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28 May 08 - 19 Jul 08

Don't Stop Me Now - the body beyond death

Boo Saville, Liam Ryan, Joe Walsh, Nick Reynolds, James Page, Oliver Chanarin, Oliver Clegg, Mario Consiglio, Alixandra Fazzina, C.A. Halpin, Le Gun, George Osodi, David Birkin, Marco Lanza, Robert Gordon McHarg III, Nina Mae Fowler, Henry Hudson


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The artists chosen here work with diverse interpretations of the physical, the spiritual, the artefact, and the ritual.

For centuries artists have been preoccupied with the relationship between life and death, the body being the ultimate bridge uniting the two, it is the medium on which to hang their thoughts of mortality.
After death, the resistance to let go of the body completely, to sustain its connection with life, often leads to an exploration of its preservation. In a spiritual sense Liam Ryan"s triptych explores the phenomenon of sainthood, where a preserved body is a sign of holy intervention. Marco Lanza photographs the immaculately preserved mummified bodies in the crypts of Palermo Cathedral, entombed by the Cappuccini monks. The historical importance of death masks to preserve the unique identity of the body is particularly poignant in the work of Nick Reynolds, made to ensure the injustice of an executed death row prisoner is not forgotten. Even when the body is reduced to ashes, Luca Fusina"s collection of funeral urns can be chosen to reflect the individual personality of the deceased, from titanium steel to delicate Limoges porcelain. In an anthropological sense, the body becomes artefact and curious object of fascination. Boo Saville draws skulls and mummified corpses, and paints shrunken heads from the Natural History Museum. Meanwhile the artefact of a skull procured from a Witch Doctor remains surreally classified as an empty plinth, photographed by Adam Broomberg and Oliver Chanarin, after the skull in question has been repatriated to its homeland.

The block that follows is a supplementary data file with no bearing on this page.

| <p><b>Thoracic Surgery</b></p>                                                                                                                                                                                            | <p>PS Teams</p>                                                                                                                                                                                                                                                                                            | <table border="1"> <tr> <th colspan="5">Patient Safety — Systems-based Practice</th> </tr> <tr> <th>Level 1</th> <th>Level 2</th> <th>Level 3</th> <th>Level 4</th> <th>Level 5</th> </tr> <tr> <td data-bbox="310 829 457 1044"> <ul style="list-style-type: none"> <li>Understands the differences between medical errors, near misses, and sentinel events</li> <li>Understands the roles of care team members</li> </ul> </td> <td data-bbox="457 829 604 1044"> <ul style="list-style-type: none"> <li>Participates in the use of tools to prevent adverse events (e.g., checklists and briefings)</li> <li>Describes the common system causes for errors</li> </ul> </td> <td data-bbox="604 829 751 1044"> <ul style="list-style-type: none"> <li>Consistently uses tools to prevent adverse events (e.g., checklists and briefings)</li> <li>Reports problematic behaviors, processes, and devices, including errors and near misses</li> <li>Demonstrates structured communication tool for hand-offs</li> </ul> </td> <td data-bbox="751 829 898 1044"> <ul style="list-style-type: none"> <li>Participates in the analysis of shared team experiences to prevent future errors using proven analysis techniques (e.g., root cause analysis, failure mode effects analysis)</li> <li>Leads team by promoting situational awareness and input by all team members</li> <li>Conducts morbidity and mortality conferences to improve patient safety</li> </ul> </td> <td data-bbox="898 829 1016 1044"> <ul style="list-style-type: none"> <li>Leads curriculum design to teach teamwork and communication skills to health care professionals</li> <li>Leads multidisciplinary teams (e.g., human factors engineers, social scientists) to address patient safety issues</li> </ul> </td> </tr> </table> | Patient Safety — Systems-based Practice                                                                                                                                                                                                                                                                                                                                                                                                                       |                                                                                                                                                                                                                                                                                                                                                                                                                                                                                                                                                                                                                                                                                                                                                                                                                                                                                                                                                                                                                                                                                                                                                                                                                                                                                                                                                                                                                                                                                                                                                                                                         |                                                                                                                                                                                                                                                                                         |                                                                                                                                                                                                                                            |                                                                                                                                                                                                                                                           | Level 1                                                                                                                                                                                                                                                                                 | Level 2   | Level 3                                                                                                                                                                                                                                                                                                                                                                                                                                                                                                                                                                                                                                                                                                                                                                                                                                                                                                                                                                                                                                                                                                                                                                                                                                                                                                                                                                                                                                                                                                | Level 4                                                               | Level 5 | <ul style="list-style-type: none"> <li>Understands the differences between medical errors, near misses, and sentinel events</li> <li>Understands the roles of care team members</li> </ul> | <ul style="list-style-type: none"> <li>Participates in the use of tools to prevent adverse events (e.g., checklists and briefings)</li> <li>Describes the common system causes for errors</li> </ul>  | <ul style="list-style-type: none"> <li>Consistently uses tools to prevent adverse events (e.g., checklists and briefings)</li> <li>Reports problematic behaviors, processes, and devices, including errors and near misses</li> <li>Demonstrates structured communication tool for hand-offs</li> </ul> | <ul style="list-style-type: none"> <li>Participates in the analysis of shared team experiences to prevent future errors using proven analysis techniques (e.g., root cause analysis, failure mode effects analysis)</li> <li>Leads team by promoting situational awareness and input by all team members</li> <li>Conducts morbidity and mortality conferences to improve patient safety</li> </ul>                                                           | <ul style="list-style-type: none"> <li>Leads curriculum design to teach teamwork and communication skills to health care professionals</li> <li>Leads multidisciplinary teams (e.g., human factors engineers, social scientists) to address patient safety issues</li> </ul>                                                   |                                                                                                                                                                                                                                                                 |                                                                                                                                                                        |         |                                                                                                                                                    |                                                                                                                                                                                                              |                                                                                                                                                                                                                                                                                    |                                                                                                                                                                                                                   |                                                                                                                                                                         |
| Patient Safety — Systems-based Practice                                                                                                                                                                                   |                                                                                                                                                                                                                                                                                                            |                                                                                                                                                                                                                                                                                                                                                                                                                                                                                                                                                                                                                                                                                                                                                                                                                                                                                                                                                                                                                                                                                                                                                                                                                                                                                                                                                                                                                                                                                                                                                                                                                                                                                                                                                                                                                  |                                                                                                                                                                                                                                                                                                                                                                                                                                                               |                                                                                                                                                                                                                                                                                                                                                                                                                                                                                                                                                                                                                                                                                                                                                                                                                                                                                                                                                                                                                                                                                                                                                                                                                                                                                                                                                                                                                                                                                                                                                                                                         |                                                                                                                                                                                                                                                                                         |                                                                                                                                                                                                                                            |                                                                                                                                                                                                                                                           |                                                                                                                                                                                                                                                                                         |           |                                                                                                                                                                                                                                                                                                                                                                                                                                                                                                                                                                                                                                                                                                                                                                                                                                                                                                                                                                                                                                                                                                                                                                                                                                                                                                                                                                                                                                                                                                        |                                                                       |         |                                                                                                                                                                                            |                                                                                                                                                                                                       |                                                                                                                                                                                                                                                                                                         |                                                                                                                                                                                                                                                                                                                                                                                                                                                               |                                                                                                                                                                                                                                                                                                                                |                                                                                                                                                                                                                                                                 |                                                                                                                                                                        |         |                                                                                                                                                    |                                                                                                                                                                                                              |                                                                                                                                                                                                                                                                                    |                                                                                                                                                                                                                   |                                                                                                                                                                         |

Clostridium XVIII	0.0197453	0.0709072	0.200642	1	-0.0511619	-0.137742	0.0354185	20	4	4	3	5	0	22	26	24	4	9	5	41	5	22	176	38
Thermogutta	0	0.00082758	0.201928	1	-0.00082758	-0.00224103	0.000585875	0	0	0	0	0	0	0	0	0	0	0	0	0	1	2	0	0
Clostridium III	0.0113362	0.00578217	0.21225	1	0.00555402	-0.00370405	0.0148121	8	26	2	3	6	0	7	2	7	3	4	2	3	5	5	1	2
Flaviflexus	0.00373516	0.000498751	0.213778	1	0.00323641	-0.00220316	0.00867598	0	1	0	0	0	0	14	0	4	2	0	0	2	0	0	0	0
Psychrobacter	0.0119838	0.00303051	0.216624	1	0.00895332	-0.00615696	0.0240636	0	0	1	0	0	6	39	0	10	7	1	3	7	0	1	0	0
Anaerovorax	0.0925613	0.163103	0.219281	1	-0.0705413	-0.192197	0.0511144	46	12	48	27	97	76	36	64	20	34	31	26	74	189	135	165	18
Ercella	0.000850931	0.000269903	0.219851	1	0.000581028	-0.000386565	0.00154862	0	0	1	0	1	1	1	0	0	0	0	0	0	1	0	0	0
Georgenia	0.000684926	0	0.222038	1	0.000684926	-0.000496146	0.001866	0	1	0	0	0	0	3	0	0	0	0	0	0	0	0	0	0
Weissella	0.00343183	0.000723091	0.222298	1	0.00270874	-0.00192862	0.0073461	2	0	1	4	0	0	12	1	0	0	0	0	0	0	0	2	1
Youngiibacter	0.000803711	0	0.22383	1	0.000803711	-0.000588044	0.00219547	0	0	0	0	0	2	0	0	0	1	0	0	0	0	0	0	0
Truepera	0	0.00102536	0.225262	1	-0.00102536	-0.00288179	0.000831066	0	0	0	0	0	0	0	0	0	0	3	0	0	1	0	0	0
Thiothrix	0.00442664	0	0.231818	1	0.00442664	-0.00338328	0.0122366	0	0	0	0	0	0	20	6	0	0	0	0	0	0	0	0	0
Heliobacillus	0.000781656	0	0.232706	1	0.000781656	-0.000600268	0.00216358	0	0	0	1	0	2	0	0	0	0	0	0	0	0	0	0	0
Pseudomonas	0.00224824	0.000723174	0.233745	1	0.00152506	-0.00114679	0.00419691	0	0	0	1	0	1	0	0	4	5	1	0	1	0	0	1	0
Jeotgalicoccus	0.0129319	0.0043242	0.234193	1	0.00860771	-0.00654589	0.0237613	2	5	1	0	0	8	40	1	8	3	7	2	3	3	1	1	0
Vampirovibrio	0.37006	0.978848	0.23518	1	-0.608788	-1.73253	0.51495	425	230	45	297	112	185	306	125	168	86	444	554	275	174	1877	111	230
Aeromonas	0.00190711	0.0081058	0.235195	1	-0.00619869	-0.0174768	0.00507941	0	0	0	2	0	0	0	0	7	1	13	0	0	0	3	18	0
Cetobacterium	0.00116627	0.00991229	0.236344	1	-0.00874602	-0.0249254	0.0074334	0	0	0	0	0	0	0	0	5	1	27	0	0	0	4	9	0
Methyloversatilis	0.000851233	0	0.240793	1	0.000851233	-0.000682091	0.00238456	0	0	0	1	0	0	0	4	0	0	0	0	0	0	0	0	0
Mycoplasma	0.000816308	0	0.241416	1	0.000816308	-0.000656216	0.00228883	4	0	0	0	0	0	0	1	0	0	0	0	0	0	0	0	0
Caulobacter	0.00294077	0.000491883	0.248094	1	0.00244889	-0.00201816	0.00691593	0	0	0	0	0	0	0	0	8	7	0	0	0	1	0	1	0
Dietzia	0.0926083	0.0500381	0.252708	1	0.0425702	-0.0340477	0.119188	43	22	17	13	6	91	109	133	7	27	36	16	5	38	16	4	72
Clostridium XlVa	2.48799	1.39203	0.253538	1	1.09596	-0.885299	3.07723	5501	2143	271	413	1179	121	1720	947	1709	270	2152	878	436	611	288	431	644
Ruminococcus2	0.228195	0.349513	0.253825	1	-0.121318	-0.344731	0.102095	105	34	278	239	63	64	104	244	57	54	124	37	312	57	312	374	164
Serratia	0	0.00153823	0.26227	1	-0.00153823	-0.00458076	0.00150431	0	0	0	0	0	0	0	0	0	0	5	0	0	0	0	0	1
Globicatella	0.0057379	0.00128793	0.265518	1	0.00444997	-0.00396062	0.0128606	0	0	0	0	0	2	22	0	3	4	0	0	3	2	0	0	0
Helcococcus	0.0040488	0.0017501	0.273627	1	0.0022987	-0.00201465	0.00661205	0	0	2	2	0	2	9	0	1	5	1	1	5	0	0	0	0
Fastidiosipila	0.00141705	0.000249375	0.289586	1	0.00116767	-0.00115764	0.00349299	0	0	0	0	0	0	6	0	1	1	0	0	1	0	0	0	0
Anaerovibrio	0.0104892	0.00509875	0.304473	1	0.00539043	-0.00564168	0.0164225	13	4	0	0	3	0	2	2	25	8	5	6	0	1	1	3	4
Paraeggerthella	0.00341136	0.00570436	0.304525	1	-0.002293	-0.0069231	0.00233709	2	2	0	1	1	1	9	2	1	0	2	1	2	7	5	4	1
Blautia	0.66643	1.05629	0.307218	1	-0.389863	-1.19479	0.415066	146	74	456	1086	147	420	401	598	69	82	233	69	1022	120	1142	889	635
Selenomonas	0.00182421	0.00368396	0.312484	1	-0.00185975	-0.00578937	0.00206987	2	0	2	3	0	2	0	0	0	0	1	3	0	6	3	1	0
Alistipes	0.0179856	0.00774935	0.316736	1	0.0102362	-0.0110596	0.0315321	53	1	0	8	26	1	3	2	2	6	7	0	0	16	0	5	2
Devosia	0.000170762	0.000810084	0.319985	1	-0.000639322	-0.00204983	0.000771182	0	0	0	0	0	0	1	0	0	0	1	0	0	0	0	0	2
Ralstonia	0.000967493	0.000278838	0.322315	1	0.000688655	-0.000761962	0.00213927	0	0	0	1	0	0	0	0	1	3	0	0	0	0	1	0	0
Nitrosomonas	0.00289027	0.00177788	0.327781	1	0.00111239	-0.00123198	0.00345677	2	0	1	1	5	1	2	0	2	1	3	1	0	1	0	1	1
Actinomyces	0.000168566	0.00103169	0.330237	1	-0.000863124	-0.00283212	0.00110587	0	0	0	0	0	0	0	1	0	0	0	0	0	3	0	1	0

The aesthetics of bones and skulls is also strangely beguiling - referring to the Sedlec Ossuary in the Czech Republic and Otranto Cathedral in Italy, where human bones have been used for centuries in a vast macabre decorative display. The latter of which has inspired the work of Mario Consiglio, who presents a concentric array of skulls and bones, but this time made from laser-cut wood and foam-rubber. The ceiling roses of James Page on closer inspection are adorned with delicate bone formations.

The skull"s symbolism has always been the strongest representation of memento mori, something to remind you of death in order to remember that you are mortal. The title of the show itself references the song sung by Freddie Mercury, who died from AIDS in the 1980s, which by the end of the decade had resurrected a preoccupation with skull symbolism appearing in many artists" work, especially in graffiti art. Those coming face to face with Robert Gordon McHarg III"s skulls on painted rocks will find the motif subverted with his trademark humour.

In fact death it seems is anything but a leveller, the fantasy funeral of Rudolf Valentino by Nina Fowler, an icon who had thousands file past his open casket, is a world away from the abandoned scene of Joe Walsh"s overdosed junkie, whose fate in the doorway will see many people walk by, but none to stop and acknowledge the passing of life before their eyes.